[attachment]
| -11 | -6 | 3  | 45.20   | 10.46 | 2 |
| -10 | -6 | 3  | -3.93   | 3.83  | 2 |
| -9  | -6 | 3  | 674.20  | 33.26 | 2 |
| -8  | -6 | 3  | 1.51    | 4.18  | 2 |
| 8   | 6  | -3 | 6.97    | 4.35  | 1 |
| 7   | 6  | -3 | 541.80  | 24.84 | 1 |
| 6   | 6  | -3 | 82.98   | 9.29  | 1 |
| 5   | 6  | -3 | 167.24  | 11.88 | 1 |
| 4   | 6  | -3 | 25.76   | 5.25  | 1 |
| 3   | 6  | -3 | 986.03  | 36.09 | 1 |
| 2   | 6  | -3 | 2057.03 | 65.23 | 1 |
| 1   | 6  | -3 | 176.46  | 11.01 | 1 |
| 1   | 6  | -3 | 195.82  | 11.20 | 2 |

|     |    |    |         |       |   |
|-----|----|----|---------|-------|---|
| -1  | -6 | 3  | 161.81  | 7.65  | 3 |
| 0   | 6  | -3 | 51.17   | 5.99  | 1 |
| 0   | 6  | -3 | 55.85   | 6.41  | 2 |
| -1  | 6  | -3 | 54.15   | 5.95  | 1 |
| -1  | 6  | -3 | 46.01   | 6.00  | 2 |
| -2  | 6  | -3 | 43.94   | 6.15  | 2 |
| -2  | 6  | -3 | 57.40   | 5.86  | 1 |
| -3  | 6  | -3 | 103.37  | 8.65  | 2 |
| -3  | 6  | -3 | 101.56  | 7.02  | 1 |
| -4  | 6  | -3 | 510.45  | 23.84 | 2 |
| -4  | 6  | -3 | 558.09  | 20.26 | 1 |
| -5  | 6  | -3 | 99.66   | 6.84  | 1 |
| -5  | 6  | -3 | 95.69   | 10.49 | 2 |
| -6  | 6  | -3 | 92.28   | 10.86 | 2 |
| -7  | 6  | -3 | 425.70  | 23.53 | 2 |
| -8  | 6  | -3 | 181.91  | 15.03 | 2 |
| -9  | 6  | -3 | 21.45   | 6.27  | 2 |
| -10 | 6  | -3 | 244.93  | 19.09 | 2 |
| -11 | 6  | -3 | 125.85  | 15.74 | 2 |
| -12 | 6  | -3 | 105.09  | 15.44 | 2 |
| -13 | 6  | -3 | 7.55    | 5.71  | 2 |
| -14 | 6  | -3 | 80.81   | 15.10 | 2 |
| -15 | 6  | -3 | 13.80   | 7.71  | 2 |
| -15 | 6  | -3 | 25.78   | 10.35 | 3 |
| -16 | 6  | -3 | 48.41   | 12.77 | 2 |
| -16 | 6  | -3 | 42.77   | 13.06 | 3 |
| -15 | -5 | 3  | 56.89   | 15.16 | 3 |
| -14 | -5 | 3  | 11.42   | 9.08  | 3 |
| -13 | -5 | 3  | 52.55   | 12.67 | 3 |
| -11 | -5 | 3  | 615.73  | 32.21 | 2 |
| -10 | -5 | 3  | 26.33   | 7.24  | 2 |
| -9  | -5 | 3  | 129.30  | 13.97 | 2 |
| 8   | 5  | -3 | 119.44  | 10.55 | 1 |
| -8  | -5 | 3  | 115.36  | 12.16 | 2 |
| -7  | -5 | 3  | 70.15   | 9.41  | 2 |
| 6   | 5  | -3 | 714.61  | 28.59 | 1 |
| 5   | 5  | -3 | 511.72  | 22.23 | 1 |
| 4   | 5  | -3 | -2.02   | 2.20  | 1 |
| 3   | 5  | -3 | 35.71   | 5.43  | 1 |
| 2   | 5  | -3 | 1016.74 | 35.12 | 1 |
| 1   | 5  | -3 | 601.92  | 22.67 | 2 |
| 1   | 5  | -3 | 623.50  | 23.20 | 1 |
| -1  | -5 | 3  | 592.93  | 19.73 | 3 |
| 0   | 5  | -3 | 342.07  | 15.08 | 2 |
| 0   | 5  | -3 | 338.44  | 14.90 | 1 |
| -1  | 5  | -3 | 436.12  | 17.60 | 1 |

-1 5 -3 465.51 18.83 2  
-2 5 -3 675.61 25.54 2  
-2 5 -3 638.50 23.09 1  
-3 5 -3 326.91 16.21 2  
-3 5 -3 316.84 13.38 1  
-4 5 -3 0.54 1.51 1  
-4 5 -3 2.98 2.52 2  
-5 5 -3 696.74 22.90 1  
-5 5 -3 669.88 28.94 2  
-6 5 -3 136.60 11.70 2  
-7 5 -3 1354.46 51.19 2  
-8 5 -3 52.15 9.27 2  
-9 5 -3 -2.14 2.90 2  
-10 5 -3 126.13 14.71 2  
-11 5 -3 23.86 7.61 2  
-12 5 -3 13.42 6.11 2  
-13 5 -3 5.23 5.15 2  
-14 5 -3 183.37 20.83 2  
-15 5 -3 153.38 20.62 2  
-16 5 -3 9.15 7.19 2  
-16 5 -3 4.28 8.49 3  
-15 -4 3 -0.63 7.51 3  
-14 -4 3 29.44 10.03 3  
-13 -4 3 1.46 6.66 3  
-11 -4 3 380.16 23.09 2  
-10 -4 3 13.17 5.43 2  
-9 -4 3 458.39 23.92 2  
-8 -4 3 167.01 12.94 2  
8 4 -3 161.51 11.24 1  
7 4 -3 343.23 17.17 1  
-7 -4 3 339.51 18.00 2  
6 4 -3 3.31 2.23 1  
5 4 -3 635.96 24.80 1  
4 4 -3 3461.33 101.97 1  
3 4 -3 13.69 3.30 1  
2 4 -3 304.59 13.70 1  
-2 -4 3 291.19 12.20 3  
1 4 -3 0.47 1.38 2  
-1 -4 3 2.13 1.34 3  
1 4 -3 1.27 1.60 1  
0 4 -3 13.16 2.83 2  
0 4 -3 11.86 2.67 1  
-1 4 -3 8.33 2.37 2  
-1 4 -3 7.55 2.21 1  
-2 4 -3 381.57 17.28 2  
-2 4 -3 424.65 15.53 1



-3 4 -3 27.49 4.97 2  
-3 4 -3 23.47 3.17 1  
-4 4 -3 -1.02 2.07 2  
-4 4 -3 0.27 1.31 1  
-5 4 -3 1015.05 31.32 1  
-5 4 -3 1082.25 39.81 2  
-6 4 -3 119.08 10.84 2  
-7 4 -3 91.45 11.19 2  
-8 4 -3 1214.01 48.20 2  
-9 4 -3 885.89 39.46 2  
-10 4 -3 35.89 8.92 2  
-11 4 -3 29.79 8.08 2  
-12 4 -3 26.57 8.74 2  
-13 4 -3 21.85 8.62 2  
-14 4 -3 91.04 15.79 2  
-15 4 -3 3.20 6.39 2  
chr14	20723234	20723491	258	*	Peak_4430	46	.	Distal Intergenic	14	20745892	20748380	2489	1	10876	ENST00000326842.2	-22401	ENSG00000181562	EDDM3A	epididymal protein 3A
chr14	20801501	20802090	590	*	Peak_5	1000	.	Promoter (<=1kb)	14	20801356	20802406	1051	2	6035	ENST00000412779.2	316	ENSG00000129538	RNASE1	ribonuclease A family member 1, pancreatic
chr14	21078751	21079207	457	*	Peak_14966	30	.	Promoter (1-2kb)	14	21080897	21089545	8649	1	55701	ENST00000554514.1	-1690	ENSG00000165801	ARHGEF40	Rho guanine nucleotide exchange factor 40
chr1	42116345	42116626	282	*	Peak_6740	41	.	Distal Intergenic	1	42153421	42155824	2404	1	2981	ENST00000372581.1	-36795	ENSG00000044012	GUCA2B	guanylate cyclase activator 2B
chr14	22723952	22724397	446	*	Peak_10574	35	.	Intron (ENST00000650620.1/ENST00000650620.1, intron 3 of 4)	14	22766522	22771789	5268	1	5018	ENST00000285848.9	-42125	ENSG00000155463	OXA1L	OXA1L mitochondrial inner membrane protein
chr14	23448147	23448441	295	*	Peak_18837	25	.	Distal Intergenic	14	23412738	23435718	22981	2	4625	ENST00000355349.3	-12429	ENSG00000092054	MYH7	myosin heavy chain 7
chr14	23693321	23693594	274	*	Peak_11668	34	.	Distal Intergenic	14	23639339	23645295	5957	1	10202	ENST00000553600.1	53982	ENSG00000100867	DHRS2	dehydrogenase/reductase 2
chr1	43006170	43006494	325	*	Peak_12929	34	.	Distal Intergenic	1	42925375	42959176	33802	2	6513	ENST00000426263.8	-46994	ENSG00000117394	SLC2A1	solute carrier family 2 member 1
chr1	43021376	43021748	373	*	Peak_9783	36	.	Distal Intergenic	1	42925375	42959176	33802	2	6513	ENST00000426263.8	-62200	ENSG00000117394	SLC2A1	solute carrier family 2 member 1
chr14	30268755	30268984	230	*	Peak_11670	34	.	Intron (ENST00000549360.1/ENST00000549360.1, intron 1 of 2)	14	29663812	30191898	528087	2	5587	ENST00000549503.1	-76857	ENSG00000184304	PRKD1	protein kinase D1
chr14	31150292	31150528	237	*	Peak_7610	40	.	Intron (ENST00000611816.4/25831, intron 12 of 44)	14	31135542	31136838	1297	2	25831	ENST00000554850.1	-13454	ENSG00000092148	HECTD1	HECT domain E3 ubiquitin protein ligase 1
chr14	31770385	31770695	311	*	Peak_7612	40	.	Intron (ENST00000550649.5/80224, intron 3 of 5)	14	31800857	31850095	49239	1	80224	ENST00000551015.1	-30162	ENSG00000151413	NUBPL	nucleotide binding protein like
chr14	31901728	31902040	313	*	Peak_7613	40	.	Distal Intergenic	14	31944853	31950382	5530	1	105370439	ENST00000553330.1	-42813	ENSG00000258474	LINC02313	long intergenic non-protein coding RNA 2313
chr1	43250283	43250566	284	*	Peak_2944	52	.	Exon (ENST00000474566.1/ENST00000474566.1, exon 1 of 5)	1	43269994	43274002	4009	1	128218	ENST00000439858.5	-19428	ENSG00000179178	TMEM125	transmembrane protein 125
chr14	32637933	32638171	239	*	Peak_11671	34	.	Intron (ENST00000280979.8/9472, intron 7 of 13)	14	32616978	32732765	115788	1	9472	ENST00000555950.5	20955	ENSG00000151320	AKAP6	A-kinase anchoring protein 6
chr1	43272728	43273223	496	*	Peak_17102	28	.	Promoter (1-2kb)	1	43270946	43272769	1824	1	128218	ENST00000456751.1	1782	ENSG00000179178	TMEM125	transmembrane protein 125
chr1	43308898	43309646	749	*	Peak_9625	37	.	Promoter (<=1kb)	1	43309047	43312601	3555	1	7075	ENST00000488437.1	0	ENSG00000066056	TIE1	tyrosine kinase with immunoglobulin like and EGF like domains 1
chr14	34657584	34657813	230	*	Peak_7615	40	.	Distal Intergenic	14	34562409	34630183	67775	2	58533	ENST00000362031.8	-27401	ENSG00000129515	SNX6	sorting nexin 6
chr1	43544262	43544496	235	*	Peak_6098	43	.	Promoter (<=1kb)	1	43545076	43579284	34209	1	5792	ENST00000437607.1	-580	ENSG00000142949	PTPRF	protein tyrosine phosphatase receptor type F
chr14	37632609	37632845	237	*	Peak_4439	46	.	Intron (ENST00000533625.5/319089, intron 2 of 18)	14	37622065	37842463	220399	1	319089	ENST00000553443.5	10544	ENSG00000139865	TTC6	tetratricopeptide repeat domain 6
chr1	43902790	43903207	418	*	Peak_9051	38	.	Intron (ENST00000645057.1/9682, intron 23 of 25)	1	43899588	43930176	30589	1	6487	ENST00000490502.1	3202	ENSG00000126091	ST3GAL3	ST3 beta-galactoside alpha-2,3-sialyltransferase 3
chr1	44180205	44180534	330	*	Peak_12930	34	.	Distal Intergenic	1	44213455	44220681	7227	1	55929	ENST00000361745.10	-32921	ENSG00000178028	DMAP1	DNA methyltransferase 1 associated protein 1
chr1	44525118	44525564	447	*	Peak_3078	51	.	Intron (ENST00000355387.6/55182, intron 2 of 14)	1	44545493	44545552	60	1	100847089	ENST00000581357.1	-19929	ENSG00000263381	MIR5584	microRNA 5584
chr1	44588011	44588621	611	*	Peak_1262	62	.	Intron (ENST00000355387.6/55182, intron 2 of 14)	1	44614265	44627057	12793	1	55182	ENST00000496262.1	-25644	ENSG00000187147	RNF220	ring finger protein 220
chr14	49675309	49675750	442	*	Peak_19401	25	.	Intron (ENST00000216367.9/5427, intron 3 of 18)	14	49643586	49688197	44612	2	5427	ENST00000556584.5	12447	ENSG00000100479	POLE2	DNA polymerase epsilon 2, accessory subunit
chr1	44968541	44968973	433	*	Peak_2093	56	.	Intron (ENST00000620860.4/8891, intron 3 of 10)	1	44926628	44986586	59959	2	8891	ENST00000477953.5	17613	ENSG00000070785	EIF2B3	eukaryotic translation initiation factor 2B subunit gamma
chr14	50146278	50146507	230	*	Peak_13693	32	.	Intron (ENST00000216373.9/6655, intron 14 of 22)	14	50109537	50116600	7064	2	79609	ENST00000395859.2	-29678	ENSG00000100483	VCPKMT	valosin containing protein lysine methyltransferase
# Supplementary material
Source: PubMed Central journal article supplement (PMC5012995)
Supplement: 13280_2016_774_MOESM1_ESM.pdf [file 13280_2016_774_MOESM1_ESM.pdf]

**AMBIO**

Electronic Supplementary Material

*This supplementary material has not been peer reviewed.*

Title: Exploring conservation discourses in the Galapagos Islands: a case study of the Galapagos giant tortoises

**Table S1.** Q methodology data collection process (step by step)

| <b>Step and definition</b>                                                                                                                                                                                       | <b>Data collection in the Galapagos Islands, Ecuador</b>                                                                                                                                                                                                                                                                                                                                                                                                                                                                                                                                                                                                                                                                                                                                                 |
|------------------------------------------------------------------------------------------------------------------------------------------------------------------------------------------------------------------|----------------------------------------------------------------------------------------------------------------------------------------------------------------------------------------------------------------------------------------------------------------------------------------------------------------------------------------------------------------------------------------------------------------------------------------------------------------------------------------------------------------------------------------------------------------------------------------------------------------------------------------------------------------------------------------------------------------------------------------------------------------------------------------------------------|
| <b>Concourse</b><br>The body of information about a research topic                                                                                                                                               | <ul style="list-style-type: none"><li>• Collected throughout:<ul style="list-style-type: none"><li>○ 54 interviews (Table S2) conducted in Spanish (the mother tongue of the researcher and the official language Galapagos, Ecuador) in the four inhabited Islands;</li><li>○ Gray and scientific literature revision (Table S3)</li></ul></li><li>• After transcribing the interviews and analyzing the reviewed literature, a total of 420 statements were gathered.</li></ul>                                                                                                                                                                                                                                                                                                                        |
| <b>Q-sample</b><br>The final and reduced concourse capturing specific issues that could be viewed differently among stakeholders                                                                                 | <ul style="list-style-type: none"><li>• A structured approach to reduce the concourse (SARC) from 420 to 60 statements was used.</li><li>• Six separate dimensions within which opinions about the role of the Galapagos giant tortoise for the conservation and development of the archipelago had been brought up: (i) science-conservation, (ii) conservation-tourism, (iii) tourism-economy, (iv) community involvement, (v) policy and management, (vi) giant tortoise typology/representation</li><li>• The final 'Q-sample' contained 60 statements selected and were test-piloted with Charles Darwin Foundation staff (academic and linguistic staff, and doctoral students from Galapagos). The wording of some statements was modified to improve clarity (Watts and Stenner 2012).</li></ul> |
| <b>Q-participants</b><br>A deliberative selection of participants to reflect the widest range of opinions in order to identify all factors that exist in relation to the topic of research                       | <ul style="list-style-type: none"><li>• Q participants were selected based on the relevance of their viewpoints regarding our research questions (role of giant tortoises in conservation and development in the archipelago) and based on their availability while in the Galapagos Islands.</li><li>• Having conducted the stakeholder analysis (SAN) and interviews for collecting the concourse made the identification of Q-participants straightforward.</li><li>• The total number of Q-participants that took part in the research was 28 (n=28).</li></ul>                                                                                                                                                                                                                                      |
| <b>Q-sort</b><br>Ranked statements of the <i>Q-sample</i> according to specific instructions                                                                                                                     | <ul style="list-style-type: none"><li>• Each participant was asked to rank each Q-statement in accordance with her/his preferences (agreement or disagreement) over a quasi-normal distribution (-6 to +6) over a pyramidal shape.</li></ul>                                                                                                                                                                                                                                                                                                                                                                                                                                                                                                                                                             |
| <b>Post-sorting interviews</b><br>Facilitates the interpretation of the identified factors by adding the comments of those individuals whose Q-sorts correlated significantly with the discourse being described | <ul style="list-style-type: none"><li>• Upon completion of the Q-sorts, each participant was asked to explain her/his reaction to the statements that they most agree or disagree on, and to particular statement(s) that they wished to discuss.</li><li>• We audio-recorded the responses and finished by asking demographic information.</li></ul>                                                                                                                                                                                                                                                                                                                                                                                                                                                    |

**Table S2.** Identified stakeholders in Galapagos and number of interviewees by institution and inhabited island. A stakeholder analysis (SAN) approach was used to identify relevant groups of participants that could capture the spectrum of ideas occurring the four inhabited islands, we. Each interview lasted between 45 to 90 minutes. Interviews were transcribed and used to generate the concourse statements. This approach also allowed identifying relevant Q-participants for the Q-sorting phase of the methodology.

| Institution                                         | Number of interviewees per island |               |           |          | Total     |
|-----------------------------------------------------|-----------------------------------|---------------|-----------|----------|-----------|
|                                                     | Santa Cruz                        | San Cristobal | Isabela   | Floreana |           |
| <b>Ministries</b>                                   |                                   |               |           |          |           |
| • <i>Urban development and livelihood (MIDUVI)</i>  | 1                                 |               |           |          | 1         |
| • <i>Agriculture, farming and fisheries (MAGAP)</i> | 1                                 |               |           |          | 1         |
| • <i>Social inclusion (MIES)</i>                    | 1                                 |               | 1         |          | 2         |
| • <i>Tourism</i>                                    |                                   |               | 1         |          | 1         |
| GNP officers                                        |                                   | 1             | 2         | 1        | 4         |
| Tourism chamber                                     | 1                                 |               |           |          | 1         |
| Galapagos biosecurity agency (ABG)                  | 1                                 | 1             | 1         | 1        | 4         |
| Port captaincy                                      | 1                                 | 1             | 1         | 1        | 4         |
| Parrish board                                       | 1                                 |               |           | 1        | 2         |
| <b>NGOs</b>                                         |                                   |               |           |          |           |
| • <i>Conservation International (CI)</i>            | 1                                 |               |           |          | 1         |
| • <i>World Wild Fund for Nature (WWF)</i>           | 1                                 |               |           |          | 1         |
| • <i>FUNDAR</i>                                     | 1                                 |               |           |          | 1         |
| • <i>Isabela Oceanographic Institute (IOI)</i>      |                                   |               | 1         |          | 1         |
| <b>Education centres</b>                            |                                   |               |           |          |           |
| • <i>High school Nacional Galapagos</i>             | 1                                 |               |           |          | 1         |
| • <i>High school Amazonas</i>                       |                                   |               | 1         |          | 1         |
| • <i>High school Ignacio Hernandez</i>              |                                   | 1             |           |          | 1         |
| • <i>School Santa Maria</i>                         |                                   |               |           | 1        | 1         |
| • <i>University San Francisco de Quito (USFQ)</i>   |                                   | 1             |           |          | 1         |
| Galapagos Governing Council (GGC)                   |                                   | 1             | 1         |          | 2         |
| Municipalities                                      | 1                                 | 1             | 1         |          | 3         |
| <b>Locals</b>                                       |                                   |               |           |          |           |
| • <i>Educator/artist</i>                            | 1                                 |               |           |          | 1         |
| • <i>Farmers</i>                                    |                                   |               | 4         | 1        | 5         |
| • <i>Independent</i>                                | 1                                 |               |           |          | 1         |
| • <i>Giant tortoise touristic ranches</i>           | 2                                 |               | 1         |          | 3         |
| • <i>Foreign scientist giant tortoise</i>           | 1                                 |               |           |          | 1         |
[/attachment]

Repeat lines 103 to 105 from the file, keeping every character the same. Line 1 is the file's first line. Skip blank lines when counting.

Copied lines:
0 4 -3 11.86 2.67 1  
-1 4 -3 8.33 2.37 2  
-1 4 -3 7.55 2.21 1  